While, undoubtedly, there’s bound to be a select few moviegoers who storm out of the latest Marvel movie, enraged for one reason or another, it’s a pretty safe bet that the vast majority of viewers will leave the theater either entertained or not entertained. But when one creates art that imitates real life, they tread a finer line. A film about disability and illness, must walk this tightrope like films from no other genre.
If you’ve been affected by disability or illness in your lifetime, and chances are you have, then watching a film that strikes a chord with your past or present situation can be difficult to watch. This reaction is paradoxical: If a film resonates with you, it can be emotionally challenging and painfully cathartic. At times, we instinctively look away because the image on the screen aligns too accurately with the images imprinted in our memories. Similarly, if the film does not resonate, or worse, fails to capture its subject’s authentic struggle, it is equally painful to watch. It feels offensive and insulting to one’s core. In other words, it can really piss you off.
I can certainly relate to both sides of this dichotomy. Growing up, my mother was an alcoholic. While she now has 18 years of sobriety, I still find certain films about alcoholism extremely challenging to watch. Whether a film completely misses the mark or hits too close to home, the inclination to turn away is tantamount. I cannot endure watching the personal hardships of my childhood made light of in Sandra Bullock’s “28 Days.” It’s infuriating.
But on the other side of this same coin, I always flinch and look away from certain scenes in “When a Man Loves a Woman.” It’s too close, too familiar. It stays with me afterward, longer than other movies or books. It digs up a shovel full of memories and emotions that I swear I buried years ago and dumps them on my doorstep. But it feels good. It connects me. Like pouring salt on an open wound, it stings, but also cleanses and promotes healing.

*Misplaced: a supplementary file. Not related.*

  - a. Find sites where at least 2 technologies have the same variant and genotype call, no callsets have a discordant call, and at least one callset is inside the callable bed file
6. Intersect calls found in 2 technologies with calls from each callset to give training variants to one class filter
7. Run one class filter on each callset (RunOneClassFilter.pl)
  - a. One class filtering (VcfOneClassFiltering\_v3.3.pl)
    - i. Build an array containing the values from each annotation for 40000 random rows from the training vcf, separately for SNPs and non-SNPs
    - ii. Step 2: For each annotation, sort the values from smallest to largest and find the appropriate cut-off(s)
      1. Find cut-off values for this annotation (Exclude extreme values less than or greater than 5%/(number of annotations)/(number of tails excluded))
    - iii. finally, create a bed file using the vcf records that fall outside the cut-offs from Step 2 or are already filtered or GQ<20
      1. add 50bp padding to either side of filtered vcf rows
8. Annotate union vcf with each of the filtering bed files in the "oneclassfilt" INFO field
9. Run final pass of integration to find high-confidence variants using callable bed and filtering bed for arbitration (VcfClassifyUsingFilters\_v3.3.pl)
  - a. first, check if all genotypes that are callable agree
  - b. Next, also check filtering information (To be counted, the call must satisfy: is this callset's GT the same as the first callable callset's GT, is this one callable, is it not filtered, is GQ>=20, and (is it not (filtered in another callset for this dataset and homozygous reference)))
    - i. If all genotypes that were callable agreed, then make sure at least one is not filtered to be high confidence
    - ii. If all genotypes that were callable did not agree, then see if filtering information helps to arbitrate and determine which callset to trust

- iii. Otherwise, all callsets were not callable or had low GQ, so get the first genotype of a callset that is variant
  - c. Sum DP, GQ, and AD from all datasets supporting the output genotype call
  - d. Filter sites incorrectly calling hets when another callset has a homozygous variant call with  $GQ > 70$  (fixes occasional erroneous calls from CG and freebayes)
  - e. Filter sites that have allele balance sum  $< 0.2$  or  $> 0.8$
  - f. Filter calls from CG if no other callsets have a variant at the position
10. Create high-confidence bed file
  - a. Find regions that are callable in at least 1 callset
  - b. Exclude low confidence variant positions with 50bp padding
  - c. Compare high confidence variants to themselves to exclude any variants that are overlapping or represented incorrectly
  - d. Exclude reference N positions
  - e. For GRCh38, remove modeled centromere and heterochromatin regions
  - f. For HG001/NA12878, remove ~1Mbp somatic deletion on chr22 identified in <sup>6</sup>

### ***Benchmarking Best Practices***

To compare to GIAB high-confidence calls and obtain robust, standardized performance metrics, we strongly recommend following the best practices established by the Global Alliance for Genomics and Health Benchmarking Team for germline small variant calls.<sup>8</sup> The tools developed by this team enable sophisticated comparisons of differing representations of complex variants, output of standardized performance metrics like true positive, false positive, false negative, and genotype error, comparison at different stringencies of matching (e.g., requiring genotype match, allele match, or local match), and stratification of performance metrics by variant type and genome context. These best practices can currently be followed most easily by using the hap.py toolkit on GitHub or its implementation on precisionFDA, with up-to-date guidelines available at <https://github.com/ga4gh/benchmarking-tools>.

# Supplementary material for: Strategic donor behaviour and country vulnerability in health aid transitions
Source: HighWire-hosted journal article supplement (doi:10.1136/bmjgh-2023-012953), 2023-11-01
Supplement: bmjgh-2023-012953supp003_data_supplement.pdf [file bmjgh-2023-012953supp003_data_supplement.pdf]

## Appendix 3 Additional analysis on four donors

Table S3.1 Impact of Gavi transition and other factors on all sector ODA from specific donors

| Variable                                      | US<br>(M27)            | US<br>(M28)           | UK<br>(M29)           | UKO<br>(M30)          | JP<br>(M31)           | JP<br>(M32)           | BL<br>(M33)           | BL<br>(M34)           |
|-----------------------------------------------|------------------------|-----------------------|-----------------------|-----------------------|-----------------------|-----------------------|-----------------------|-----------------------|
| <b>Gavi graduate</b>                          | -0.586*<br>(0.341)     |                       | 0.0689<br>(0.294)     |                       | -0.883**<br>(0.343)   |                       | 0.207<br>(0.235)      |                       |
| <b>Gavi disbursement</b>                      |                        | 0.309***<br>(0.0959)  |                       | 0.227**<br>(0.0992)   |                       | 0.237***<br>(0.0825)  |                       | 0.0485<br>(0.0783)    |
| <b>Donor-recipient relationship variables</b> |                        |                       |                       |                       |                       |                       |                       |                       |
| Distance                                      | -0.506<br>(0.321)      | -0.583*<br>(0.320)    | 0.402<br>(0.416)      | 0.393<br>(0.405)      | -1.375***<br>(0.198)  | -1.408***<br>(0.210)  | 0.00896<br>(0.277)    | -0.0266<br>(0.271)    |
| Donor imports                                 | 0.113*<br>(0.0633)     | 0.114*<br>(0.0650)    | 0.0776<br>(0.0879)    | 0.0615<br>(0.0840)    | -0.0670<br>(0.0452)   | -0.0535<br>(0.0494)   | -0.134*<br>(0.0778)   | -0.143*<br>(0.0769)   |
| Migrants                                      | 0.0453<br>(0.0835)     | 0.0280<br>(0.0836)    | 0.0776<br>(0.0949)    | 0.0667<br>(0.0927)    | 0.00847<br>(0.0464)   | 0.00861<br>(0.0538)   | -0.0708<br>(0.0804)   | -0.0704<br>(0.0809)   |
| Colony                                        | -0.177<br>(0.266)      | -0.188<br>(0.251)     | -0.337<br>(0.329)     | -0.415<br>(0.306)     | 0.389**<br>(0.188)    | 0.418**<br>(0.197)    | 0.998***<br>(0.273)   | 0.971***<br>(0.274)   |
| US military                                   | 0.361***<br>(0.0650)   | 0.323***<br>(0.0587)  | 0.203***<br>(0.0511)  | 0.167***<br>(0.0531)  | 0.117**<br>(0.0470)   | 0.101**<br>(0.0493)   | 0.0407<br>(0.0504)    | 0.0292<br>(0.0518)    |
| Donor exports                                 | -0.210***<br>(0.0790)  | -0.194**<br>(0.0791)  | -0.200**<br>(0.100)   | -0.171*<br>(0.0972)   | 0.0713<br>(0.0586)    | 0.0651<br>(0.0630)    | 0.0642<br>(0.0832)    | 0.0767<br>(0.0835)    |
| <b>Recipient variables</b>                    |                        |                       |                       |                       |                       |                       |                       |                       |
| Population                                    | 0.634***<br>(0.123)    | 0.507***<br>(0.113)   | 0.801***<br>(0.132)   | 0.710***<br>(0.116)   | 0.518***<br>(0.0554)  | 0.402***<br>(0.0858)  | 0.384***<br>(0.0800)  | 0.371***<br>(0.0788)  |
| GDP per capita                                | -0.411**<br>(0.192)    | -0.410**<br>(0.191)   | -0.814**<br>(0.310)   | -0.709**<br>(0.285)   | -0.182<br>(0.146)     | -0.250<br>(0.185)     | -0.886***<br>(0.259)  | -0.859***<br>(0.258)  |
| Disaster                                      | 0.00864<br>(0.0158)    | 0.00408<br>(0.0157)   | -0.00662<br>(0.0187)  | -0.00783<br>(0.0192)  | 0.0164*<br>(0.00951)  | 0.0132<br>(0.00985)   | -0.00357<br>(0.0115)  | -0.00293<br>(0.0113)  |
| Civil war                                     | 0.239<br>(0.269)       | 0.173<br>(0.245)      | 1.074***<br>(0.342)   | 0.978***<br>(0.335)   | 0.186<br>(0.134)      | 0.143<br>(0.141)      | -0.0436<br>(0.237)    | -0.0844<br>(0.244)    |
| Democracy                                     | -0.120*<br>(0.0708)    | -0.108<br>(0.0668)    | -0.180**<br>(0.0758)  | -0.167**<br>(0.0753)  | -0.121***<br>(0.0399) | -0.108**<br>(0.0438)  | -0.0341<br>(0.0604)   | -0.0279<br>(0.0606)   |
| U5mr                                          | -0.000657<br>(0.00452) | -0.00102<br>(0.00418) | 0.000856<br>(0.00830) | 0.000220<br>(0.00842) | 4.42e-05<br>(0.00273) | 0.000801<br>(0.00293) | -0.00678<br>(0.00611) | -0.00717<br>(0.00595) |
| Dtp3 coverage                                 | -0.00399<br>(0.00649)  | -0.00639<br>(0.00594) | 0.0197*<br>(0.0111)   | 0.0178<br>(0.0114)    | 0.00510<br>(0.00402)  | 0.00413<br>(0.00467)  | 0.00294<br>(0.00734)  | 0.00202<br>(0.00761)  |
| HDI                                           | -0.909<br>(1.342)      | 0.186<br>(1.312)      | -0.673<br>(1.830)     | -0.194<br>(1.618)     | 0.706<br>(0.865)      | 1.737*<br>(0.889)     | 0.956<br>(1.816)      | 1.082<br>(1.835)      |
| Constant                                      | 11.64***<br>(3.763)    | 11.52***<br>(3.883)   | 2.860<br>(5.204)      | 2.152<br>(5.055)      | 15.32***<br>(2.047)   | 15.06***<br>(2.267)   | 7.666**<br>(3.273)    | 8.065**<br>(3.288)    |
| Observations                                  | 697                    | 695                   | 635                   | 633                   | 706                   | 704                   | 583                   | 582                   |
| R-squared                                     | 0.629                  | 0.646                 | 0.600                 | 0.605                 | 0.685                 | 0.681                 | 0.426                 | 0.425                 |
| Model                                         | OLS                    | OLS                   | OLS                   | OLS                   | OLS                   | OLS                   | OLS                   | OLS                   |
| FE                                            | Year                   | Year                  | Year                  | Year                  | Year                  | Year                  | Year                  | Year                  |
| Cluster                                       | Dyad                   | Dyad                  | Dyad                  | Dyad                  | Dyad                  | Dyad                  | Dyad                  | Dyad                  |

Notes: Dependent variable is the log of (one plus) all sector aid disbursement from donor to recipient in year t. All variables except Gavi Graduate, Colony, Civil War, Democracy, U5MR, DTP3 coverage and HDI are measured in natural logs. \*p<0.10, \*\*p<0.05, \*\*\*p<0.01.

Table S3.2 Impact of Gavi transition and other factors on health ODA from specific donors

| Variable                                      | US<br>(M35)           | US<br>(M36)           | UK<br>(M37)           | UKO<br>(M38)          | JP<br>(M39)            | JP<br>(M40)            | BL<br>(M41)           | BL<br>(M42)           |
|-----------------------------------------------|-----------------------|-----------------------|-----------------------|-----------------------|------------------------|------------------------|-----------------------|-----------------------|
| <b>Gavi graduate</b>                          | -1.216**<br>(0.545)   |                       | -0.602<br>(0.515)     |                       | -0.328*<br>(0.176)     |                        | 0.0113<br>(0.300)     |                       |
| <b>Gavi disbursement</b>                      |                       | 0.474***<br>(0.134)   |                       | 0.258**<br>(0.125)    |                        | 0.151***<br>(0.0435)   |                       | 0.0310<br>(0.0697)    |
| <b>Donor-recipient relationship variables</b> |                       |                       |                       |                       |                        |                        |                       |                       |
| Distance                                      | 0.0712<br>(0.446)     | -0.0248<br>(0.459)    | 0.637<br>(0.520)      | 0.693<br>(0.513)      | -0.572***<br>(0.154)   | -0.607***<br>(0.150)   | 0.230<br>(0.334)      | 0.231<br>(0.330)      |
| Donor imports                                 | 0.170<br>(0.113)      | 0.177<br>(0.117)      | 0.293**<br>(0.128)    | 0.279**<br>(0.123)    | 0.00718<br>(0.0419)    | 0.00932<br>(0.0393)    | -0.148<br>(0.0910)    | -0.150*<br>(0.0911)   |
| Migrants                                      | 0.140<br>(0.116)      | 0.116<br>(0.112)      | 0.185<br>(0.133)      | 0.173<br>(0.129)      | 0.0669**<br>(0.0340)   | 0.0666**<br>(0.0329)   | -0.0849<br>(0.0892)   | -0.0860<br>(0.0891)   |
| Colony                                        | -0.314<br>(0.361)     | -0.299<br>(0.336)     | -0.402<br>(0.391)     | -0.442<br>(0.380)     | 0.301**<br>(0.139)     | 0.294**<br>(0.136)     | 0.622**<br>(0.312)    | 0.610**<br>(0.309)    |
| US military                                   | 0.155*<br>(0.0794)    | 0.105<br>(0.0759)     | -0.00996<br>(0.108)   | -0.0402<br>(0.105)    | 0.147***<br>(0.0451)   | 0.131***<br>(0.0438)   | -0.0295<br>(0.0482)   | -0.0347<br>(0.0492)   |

Watching films that portray our personal situations and histories can be difficult, but when they’re real and raw and honest and just get what we have been through, it’s worth it. They connect us, not only to ourselves and our journeys, but to everyone else in this world who has gone through it, too. They even connect us with those who have not traversed our unique paths. When we share a film with others that authentically captures the essence of our individual struggle, we begin to cultivate understanding, and somewhere deep beneath the surface of our collective consciousness tiny roots of acceptance begin to sprout and multiply. It’s quite powerful.
So when I was asked to screen “A Boy Called Po,” a film about autism directed, produced, and edited by John Asher, I knew the fine line I would be walking if I accepted. My son is autistic. While he was diagnosed a little over six months ago, I’ve been hiking uphill with autism on my shoulders for three-and-a-half years now. I knew if I watched the film I would cringe. I just didn’t know if it would be because it failed to do justice to my family’s personal journey, or if it would be because it hit too close to home.
Films I had previously seen about autism didn’t necessarily enrage me. But at the same time, “Rain Man,” “The Accountant” and, dare I say, even “Temple Grandin,” left me entertained but still wondering exactly where my personal reality was being portrayed on the silver screen. My life is filled with autism, but trust me, there is no card counting in Vegas and no secret accounting/crime-fighting syndication. Not even your classic farm innovation. It’s just my family, and autism. Is my family’s personal autistic reality not juicy enough for Hollywood? We are so misunderstood; so desperate for awareness and acceptance. Why is no one telling our story?
So I agreed to watch “A Boy Called Po,” and yes, at moments, it was difficult for me.